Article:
I think it bears mentioning that these are pilot programs and being tested in a couple of jurisdictions. It's not standard practice yet. What it will probably develop into is more of a system whereby officers would have an NFC reader in their phone or device and you would transfer your drivers license and/or insurance information over to the officers NFC-capable device, and he would have limited access to view the information he needs without storing the data on his device permanently. Of course, in order for this to work, Apple would have to open up their NFC reader to developers, instead of locking it to everyone but Apple Pay.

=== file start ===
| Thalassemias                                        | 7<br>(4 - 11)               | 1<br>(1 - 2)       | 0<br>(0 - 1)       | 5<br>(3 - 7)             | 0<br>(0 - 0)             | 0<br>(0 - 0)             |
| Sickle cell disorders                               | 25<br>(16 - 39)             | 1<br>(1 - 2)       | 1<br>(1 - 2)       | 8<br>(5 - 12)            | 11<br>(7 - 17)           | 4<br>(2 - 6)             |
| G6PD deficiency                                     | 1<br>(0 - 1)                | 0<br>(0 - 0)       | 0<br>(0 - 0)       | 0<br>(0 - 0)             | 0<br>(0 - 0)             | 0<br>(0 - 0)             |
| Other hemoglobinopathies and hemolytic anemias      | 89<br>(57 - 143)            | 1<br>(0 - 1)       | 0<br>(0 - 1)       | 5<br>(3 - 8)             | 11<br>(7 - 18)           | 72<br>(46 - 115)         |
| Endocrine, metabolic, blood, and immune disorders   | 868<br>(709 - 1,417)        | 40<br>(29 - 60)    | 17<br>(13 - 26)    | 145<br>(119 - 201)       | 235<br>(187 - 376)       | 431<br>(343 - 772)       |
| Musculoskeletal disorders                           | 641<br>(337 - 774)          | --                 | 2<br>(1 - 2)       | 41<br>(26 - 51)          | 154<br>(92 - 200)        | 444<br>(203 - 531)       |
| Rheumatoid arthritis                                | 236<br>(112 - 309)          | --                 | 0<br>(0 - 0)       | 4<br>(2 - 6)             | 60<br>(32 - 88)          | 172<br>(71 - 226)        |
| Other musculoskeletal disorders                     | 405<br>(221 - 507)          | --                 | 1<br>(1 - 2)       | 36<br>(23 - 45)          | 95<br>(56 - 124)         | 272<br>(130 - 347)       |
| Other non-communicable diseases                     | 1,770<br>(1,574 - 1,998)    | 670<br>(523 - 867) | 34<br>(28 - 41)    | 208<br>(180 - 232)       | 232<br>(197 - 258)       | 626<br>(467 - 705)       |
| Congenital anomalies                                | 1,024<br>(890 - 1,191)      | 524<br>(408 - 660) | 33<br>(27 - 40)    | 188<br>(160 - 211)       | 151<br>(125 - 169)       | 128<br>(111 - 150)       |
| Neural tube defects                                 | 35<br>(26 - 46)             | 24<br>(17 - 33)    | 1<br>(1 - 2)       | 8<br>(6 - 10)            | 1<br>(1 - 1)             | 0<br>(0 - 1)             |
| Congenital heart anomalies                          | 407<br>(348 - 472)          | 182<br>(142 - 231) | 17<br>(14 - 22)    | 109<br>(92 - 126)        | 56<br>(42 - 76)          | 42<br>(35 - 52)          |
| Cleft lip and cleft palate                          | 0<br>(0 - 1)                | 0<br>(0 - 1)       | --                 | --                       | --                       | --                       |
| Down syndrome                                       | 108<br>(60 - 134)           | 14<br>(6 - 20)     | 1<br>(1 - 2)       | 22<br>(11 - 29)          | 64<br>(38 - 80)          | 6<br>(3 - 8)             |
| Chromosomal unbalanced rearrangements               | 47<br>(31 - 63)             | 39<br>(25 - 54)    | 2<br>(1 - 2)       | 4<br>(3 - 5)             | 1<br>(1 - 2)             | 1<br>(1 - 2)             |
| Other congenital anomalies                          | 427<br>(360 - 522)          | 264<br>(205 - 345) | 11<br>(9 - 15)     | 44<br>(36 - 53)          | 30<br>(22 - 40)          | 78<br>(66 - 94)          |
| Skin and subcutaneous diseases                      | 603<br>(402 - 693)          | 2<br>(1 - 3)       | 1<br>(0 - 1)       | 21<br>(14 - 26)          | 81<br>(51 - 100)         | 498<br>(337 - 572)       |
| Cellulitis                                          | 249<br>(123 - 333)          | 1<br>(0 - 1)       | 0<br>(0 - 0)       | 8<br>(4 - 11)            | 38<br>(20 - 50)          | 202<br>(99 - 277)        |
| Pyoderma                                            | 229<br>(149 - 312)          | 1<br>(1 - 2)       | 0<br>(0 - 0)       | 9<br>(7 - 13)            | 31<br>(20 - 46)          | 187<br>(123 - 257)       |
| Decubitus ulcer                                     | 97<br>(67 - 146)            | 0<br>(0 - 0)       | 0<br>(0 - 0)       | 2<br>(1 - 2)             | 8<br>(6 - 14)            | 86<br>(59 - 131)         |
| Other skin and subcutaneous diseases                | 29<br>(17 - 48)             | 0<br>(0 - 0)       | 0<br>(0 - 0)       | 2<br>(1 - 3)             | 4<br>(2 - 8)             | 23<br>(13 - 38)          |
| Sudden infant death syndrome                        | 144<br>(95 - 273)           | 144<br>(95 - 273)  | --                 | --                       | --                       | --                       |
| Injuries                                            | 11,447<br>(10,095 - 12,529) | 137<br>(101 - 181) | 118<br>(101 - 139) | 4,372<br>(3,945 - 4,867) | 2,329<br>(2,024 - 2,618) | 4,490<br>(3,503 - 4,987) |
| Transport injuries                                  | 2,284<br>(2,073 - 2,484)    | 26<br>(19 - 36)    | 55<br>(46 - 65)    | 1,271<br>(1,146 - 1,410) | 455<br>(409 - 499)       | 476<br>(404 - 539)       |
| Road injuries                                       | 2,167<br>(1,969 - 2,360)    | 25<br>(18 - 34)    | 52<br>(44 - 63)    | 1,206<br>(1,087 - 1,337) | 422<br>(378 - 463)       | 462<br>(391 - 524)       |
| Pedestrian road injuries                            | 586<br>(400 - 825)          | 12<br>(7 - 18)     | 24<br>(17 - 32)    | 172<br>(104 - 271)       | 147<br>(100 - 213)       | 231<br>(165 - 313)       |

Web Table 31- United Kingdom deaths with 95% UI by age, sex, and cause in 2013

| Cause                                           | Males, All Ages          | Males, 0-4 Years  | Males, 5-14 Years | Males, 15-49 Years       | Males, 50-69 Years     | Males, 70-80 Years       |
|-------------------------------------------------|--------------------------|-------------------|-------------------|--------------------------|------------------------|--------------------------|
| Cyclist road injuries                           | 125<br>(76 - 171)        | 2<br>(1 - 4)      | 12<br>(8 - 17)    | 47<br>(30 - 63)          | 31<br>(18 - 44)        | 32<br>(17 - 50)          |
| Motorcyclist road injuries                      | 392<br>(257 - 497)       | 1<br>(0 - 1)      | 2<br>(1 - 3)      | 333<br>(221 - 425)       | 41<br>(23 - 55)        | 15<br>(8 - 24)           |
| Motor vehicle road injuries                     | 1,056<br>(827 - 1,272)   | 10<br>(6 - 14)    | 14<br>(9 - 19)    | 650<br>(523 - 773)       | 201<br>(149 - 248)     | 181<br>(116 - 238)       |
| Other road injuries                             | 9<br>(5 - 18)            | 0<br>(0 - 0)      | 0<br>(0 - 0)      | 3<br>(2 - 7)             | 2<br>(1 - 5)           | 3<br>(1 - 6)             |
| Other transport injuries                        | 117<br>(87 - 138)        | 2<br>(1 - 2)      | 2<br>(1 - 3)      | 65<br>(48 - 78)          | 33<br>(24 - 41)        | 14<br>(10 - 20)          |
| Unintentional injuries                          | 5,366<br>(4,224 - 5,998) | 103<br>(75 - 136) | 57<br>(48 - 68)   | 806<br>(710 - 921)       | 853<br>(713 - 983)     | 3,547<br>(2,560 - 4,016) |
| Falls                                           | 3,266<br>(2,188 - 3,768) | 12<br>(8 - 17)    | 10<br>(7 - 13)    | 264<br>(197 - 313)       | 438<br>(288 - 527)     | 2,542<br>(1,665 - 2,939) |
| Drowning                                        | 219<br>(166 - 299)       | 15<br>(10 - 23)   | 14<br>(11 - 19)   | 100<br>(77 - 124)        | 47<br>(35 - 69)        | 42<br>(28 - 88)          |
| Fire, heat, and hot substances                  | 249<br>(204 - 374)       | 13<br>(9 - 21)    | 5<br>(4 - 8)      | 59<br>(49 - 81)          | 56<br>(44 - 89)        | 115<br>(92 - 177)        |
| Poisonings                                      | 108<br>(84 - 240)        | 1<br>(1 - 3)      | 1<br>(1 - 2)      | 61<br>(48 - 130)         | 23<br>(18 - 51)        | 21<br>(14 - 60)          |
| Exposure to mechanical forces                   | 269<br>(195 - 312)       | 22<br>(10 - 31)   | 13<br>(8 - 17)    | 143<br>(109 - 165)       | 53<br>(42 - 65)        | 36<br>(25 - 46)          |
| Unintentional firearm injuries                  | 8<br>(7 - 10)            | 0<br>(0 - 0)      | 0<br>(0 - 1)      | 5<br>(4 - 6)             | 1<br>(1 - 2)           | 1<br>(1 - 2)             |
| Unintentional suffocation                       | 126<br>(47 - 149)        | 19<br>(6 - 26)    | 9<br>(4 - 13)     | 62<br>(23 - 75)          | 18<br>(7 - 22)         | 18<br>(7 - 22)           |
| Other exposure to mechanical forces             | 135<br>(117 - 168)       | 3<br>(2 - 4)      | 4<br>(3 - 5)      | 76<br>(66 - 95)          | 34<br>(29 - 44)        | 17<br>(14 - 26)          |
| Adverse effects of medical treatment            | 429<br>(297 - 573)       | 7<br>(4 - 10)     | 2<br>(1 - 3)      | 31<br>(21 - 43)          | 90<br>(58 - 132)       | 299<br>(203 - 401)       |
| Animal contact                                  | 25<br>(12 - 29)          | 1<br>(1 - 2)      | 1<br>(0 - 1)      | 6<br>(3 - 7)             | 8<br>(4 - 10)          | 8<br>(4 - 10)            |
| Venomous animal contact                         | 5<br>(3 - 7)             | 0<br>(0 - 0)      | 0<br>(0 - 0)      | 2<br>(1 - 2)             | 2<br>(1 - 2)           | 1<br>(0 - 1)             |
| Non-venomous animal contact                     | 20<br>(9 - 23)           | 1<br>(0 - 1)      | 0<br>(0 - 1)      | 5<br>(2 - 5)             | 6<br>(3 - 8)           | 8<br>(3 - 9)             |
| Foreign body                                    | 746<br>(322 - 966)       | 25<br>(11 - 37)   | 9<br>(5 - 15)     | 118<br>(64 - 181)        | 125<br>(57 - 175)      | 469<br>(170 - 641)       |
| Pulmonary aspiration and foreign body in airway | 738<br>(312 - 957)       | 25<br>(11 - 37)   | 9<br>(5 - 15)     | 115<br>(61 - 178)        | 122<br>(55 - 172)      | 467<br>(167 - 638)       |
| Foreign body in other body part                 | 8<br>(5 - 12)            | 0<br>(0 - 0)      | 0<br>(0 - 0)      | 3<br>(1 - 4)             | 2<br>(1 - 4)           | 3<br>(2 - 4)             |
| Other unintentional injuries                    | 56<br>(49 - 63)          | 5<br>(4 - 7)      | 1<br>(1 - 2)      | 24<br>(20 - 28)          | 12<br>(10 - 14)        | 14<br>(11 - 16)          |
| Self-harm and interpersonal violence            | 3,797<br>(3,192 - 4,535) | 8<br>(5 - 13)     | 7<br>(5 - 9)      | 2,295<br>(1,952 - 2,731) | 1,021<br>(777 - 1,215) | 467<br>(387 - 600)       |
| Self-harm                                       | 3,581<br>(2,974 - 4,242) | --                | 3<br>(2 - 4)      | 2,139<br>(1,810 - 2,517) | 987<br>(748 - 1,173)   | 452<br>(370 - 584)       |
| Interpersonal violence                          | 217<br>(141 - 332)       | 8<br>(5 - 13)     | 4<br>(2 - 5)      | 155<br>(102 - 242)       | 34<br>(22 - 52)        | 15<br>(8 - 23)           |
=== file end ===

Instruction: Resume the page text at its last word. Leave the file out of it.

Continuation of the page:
I have used the Progressive app on my phone as proof of insurance with officers. This IS actually standard practice in many states (Tennessee, for example, completely allows digital proof of insurance). Every time I have showed proof of insurance to an officer this way, they have never taken my phone back to their car. They saw that I had insurance and that was good enough for them and they didn't ask any other questions.
As for the "battery is dead" issue, that should be a non-issue in the car if you have a car charger for your phone.